Imagined Worlds Turned Inside Out: The Power of Helen Levitt’s Child Co-Creators

“New York c. 1945” by Helen Levitt

A group of young girls are strolling down the sidewalk on a hot summer day in New York; all at once, their four heads turn, and they gaze with equal interest at a series of shiny spherical objects that seem to be floating along the wall. Nobody has initiated the gaze; nobody is gesturing towards the objects or checking to see if her friends noticed them too. It’s as though the objects themselves demanded all four girls’ attention at once. The viewer of this photograph will therefore become curious as well, and pay greater attention to the bubbles than she would have if the children weren’t in the frame. Each bubble has part of its edge resting against the border between two or more bricks. If these objects are soap bubbles that are simply floating along, then Levitt has captured them while they are all in a state of in-between; none of them float in the centre of a single brick. If they are not soap bubbles, they could also be glass spheres embedded in the brick, like underwater windows on a ship, which offer a glimpse into the underground world beneath the road. The photograph allows for both possibilities, and each creates a mystery. If the objects are glass spheres, then who put them there, and what is their function? If they are soap bubbles, then where is the soap bubble blower, and how have they survived for so long without popping?

The girls’ synchronization is what causes our interest, not the objects themselves. If Helen Levitt had chosen to photograph the wall and the glass spheres without the children, the image wouldn’t be interesting because we wouldn’t stop to see them as anything other than bubbles against brick. But when we notice what the children are noticing, we start to see things the way they do. Levitt’s child subjects become a conduit for the adult viewer’s own imagination, we ask ourselves: do they see everlasting soap bubbles, a coded message, or tiny portals into other worlds? Since we are unable to ask them what they see, and wouldn’t want to break the spell of their imagination anyways, we return to our own imaginations for answers.

Implicit in the taking and viewing of this photograph is the creation of three different imaginary worlds layered on top of one another. The first is the children’s imaginary world that has been activated by the bubbles; this creation occurred during the actual moment when the photograph was taken. The second is Helen Levitt’s imaginary world, which was born when she chose to remove this moment from its temporal context by capturing it in a photograph; a photograph can tell a narrative that is entirely separate from the reality it was captured in, and in doing so it becomes its own fictional world. Finally, there is a new imaginary world built into the mind of the viewer as she thinks about what the children might be imagining. Whether she is aware of her imagination being activated or not, the viewer will unconsciously become a creator too. This collaboration between child-subject, photographer, and viewer recurs in Levitt’s work, and keeps the viewer oscillating between the three imagined worlds as an unknowing participant in the artistic act.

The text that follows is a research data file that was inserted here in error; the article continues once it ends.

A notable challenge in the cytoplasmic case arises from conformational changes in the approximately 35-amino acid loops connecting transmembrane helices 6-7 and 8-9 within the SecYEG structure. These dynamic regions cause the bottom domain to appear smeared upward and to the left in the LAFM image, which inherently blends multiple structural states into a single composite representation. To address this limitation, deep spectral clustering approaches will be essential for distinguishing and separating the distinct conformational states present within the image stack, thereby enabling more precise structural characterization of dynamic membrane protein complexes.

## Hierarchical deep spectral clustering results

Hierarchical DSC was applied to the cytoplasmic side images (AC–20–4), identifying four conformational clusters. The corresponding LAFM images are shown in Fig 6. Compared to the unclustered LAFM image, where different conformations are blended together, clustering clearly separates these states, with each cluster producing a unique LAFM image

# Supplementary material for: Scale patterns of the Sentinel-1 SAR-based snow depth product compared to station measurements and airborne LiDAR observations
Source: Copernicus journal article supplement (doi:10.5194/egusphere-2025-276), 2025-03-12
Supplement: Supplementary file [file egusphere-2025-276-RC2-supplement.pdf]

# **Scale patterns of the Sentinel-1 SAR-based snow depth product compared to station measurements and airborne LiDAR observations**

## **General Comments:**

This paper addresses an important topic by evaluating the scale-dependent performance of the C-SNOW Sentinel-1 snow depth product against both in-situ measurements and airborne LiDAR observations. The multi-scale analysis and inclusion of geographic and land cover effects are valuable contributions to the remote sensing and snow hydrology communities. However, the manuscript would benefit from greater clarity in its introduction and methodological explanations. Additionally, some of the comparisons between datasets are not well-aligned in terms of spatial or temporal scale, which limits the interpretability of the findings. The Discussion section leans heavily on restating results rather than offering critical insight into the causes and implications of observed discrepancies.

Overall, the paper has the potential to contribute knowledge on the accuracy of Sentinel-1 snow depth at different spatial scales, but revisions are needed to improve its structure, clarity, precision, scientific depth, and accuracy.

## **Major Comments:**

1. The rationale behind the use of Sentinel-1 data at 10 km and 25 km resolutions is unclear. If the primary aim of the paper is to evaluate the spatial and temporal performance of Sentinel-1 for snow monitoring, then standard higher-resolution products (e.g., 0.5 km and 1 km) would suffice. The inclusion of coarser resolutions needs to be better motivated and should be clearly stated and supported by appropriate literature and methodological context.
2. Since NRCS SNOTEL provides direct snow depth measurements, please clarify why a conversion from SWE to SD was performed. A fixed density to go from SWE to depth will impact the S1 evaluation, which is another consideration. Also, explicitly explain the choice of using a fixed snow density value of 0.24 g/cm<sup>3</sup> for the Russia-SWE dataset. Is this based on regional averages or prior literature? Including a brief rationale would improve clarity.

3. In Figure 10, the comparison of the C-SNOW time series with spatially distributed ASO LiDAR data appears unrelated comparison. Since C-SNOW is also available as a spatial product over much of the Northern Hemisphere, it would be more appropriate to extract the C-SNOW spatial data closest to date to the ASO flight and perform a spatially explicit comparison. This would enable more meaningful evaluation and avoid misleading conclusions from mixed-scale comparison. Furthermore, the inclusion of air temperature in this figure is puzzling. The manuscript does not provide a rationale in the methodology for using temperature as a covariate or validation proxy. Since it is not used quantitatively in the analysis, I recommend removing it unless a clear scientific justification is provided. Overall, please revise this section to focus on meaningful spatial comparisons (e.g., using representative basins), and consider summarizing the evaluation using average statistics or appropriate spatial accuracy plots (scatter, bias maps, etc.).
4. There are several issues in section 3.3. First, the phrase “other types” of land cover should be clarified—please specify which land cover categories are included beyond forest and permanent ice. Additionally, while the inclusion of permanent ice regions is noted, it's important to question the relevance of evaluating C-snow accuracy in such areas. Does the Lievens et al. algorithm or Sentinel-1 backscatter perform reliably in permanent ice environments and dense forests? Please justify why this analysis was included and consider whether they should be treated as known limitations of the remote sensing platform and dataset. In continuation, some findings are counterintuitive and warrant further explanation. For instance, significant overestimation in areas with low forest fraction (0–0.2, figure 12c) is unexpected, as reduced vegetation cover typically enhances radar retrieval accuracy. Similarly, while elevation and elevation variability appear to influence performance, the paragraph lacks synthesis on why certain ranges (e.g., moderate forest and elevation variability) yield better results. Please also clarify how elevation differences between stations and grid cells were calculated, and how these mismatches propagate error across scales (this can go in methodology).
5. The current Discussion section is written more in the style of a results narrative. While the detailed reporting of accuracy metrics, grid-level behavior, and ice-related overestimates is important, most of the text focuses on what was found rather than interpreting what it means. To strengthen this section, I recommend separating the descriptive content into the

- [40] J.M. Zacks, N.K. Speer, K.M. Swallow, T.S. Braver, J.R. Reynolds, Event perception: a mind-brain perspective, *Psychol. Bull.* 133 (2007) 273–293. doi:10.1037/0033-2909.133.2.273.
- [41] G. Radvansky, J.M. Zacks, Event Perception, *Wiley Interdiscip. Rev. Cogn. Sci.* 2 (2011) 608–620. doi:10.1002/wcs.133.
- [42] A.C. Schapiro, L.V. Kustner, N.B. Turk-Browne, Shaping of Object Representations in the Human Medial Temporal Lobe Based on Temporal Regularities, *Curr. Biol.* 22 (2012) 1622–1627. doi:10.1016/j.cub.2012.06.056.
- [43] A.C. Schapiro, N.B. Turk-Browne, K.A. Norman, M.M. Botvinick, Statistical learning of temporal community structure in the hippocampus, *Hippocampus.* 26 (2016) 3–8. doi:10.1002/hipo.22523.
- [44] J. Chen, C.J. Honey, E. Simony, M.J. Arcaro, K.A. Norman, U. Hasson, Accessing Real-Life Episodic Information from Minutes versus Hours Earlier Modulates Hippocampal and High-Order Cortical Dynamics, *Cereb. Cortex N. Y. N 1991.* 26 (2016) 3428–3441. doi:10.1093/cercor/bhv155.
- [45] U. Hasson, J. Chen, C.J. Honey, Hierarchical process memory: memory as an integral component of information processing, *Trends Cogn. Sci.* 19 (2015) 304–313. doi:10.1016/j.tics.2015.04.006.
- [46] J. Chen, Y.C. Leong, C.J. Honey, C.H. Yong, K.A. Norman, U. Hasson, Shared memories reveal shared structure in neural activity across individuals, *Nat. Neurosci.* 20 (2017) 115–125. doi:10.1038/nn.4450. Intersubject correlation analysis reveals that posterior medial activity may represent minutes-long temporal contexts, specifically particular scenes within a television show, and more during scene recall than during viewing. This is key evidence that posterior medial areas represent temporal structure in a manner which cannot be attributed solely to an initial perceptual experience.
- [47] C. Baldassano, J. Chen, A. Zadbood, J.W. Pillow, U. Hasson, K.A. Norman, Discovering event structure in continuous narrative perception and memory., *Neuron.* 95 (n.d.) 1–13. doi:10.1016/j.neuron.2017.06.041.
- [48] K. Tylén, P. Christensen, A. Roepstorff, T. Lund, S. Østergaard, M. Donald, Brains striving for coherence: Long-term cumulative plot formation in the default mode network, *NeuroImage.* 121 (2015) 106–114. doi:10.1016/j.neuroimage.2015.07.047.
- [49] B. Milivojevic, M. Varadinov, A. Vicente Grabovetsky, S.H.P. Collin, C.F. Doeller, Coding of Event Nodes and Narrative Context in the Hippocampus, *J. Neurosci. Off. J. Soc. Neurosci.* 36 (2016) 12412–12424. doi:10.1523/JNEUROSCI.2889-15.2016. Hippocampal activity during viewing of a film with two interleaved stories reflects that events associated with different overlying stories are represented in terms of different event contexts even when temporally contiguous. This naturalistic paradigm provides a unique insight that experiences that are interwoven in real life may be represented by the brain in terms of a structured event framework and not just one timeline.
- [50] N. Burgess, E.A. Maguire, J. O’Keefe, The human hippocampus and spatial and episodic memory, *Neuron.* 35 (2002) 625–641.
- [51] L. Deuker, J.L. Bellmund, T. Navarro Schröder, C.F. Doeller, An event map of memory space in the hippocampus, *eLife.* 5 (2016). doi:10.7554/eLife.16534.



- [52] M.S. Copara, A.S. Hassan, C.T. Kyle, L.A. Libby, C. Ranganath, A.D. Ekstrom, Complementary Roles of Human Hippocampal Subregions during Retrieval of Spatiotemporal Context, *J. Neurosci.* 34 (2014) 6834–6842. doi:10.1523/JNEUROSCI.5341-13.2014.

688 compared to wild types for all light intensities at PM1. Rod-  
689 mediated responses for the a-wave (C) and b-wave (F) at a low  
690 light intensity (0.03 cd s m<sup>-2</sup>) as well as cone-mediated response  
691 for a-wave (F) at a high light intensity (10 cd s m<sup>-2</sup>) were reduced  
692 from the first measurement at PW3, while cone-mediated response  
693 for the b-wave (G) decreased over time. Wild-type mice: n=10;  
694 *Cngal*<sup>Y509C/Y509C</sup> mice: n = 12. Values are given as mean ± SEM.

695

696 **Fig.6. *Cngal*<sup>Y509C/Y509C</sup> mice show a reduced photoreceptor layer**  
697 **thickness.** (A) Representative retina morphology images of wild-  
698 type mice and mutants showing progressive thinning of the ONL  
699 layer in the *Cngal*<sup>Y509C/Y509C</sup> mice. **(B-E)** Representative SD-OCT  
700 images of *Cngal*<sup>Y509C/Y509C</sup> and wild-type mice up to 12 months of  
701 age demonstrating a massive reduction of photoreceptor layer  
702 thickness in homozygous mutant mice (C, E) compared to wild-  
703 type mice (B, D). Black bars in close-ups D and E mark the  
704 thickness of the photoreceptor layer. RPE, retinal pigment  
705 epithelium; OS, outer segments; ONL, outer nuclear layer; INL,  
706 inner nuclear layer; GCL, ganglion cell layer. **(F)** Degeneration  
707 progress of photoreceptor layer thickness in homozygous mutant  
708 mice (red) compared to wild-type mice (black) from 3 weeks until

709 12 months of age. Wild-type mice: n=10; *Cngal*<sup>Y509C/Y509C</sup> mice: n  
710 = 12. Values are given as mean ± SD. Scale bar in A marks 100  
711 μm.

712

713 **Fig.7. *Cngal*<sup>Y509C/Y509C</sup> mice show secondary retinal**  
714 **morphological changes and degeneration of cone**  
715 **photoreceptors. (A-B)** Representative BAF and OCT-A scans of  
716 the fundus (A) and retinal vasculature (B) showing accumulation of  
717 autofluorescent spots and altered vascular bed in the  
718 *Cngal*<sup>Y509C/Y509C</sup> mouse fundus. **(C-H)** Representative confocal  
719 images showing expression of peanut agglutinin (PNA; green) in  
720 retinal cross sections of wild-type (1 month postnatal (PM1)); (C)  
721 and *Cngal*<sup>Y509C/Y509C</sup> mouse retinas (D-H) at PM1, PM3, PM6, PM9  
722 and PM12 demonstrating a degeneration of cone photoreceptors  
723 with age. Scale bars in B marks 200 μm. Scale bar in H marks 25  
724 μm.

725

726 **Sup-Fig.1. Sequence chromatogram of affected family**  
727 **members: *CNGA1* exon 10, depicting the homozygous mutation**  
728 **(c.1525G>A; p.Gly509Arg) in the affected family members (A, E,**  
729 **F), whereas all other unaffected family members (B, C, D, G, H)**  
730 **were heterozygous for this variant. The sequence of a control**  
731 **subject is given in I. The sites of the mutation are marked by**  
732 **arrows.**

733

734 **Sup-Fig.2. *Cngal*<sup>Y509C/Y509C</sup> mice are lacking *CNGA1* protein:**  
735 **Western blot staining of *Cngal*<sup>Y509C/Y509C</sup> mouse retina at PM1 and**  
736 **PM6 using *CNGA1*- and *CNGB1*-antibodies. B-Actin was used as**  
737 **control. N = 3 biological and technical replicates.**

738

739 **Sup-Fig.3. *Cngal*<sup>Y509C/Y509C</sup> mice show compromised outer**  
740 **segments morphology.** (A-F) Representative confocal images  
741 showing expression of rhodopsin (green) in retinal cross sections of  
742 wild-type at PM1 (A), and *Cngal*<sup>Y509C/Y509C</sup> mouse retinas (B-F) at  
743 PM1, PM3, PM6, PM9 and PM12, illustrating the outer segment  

In her article, “Helen Levitt and the camera,” critic Elizabeth Gand argues that Levitt uses children to explore the ways in which art gets made. “If she engaged so deeply with children, it was because of what they allowed her to say… Her pictures conceive children’s play as the foundation of artistic production; they are portraits of the artist as a young child.” Levitt reveals the creative process by representing children who are at play: transforming the ordinary world into something fantastical. By capturing the four girls in a synchronized moment of wonder, she shows us the moment when a detail from the real world can tip the artist-as-child into her imagination. She also reveals what might be missing from regular adult observation. The four girls are naturally drawn to the bubbles, which an adult or non-artist might pass without taking a second glance. By seeing what the children are looking at, we might also see the absence of the curiosity we once had as children. Fredrick Wiseman’s statement about his reaction to one of Levitt’s photographs is applicable to many of her works. “I like this photograph because it makes me ask myself these silly questions when I, of course, have no idea what either these children or Helen Levitt were thinking and can only project my fantasies onto this photograph.” The activation of the adult imagination is a major part of Levitt’s intention. As a statement about art-making, “New York c 1945” advocates for the careful observation of the subtle oddities that are present in the regular world. Inside a bubble, the artist might find a universe, the way a child does.

“New York, 1940.” By Helen Levitt

The child’s imagination could be considered a universal theme or topic of interest, but Levitt chooses to situate her work in specific communities. Her subjects often come from the margins, but she escapes the trap of using them to make overt sociopolitical commentaries; instead, her photography allows for ambiguity. For example, in the photograph “New York, 1940,” Levitt depicts two black children absorbed in their own internal worlds. The girl’s hair has not been combed, her clothes are rumpled and she has her arms crossed in a self-comforting or protective gesture. The boy is sitting on the ground at the threshold between inside and outside space. Both children seem to be waiting for something. But if they seem vulnerable it is because of our assumptions about their circumstances, not because they are performing vulnerability to us or because the photograph has captured them in a moment of weakness. I would argue that both children exude a kind of power. Both of them are gazing out, but don’t seem to be looking at anything in particular; they have left their circumstances behind for a moment. They have the power to leave the real world while they wait.